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Old 11-13-2012, 10:44 AM
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Originally Posted by Camaro_Nut2001 View Post
Well, it's been a few days but I got the Impala back together, new cam broke in etc... I didn't go back with the Tunnel Ram, due to the Impala having to be outside while I pull the motor in the S10, I went with an old intake and carb I had put back, a Stealth and 670 Street Avenger. I figured the motor would really have some bottem end but I swear, I think it ran better with the Tunnel Ram and two 1850's. I do think the motor is running on the lean side with the 670. I have the timing turned down just a tad and the 670 adjusted rich as I can untill I get a 4779 built for it. I have the kit but I want to get this motor out first, lol. Also, I bought a pair of Magnaflow's #10416 as I read they flow alot better than Flowmaster, which is what's on the Impala now, but haven't had time to have exhaust put on yet. I do have the S10 in the garage and plan on starting on it today.
On a side note, I saw a post where Tech Inspector was talking about going an 1/8th of a turn after zero lash on valve adjustment but the OP was talking about his hyd. roller lifters. I wonder if Tech was meaning an 1/8th turn on all hyd. lifters or just rollers. I may post back on that posting and ask, unless he see's this, lol. Anyway, I will post pictures of the motor when I get it out and cleaned up.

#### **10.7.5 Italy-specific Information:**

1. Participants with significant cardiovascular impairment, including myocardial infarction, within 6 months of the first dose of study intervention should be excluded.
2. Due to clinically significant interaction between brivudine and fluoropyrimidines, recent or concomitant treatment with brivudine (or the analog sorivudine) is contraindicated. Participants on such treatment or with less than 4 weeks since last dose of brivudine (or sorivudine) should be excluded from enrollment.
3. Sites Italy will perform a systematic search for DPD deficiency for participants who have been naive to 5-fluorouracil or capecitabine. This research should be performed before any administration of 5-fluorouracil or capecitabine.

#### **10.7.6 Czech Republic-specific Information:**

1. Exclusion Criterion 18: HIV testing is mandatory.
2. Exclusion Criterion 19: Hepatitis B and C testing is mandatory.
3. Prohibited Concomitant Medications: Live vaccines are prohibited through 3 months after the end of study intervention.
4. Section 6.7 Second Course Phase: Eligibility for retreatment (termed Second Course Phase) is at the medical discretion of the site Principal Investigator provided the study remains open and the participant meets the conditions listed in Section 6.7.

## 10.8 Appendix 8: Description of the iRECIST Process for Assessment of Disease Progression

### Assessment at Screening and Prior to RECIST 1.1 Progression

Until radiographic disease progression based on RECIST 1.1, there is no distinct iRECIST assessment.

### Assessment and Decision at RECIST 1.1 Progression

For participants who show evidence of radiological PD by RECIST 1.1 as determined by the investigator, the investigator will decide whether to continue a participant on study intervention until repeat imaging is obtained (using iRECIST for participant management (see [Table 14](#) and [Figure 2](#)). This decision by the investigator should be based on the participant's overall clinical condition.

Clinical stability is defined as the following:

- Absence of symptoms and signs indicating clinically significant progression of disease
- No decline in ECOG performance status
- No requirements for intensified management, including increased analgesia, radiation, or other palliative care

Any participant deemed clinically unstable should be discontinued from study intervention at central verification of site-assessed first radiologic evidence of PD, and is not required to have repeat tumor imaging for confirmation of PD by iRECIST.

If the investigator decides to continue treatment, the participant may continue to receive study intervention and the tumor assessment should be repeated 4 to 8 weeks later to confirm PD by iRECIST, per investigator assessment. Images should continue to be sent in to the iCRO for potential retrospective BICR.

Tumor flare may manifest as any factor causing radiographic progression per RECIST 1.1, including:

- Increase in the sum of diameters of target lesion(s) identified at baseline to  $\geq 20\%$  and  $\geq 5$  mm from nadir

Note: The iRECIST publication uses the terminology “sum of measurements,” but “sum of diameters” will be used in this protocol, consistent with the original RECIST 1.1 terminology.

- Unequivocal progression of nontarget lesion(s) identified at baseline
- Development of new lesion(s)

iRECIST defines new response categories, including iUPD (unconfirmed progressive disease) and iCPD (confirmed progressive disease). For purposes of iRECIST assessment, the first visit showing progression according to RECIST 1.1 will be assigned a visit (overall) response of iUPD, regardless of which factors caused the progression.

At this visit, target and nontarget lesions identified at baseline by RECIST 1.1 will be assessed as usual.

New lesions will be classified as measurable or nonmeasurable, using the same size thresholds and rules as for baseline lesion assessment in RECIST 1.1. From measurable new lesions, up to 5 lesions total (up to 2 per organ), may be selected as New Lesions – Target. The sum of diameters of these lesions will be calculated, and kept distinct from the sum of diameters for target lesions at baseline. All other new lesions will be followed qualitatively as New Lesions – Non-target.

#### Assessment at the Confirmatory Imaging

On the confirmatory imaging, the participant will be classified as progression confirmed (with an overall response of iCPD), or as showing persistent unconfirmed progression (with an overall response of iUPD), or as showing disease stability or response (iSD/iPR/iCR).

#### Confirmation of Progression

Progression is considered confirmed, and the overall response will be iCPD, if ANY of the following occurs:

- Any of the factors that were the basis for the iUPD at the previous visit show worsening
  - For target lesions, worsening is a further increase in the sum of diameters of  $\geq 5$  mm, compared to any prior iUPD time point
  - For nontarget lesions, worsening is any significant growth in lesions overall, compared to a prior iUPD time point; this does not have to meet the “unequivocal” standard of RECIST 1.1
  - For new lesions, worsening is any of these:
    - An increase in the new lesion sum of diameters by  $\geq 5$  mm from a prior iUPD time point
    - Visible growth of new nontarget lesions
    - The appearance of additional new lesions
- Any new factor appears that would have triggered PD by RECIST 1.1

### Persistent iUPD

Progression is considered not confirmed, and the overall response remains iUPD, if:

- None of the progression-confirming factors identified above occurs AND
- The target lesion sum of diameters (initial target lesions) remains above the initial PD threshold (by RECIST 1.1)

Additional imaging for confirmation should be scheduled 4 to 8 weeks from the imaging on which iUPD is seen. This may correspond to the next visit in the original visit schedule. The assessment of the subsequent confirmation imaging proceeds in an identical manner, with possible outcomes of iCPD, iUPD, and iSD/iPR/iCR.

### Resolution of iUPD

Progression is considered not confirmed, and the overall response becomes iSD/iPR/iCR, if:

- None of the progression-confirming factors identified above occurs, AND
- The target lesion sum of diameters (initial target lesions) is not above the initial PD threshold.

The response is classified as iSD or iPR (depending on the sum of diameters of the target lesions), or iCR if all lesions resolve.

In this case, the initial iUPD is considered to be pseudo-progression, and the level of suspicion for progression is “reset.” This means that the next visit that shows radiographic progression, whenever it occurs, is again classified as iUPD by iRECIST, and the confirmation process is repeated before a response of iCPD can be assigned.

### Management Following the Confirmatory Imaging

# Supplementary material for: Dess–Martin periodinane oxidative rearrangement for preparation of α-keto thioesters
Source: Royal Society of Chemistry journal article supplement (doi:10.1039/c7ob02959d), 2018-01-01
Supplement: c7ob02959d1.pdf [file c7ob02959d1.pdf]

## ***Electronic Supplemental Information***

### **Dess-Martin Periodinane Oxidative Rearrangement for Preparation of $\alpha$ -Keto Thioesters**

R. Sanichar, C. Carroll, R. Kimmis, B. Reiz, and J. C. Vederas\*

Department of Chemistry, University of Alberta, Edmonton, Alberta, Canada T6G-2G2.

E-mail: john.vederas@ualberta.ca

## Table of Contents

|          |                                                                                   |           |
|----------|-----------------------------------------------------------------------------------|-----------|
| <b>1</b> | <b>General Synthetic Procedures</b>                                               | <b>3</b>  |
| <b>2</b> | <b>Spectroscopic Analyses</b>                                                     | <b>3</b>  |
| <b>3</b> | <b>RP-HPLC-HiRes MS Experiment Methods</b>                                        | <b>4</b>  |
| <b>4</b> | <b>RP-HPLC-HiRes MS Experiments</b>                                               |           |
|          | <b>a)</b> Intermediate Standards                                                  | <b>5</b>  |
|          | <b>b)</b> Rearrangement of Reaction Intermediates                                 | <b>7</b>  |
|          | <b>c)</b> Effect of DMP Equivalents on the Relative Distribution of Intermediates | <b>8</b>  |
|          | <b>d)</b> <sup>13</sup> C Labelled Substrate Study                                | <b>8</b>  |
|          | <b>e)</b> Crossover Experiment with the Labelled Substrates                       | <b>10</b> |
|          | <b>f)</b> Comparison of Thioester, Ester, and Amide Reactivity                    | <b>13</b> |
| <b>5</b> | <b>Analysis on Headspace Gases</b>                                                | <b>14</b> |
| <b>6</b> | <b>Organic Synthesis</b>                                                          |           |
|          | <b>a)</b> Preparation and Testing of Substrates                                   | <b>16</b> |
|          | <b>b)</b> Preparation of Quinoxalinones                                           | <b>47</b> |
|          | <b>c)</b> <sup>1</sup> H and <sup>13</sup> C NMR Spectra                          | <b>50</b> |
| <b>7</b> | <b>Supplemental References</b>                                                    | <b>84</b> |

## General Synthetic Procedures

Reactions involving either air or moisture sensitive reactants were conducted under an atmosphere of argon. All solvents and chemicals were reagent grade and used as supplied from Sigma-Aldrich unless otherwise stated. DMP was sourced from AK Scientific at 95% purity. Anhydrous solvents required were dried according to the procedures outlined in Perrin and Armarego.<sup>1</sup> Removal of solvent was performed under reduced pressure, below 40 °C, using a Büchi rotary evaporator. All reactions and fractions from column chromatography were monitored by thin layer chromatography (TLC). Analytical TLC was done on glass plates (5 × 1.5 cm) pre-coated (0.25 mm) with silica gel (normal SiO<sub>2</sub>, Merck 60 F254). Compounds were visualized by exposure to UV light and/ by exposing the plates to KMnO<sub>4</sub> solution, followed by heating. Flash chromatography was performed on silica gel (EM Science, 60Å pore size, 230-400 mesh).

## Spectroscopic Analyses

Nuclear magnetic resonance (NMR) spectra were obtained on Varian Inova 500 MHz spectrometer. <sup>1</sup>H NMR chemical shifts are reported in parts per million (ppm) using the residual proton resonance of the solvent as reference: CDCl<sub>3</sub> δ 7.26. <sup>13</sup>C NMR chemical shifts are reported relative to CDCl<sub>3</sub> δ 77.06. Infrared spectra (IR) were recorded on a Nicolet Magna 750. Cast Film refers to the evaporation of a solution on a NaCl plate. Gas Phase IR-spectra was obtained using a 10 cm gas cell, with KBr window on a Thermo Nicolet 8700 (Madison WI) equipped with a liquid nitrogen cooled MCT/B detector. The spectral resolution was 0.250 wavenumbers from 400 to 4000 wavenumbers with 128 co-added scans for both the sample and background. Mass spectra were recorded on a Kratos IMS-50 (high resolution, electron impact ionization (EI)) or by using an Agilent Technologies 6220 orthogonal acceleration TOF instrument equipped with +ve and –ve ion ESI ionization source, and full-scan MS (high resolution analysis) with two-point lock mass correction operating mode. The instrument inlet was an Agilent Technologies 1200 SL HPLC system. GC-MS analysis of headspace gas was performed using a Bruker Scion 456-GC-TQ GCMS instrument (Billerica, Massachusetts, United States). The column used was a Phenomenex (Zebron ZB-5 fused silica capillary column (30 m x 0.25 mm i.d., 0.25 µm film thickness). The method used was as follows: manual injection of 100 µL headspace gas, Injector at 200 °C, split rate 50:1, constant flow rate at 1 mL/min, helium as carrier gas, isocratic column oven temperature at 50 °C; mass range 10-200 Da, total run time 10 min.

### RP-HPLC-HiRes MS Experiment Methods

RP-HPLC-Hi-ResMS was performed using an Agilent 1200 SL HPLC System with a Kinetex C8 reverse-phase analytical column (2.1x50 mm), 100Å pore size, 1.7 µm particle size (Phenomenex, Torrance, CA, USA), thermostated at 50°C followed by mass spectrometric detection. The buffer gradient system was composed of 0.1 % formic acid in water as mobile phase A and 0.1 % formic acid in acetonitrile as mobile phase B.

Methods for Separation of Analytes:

For someone who was injured a while back, you sure get a lot done. Makes me kind of embarrassed! lol

Not speaking for TI but you can use 1/8 turn on flat tappet hydraulic lifters.

A page he wrote is here. Not sure how it happened but there's another one here. Chances are the second article was added w/o knowledge there was one already started.

Adjusting the valves w/the engine running is also a very good, foolproof way to do it, but they have to be adjusted at least close enough that the engine will run w/o popping through the carb or backfiring, etc.

Adjusting valves w/the engine running leaves no doubt when there is clearance and when zero lash is reached- the sounds are unmistakeable. Only thing about doing it w/the engine running is it can be messy. To help w/the oil spraying/splashing around, an old valve cover can be modified by cutting the top out of it (see below, photo from member Double_v23). This keeps most of the oil where it belongs. There are also small clips sold to clip onto stamped steel (stock type) rockers that deflect the oil, but those alone can still let oil splash around some. Using both should stop 90% of it, though.

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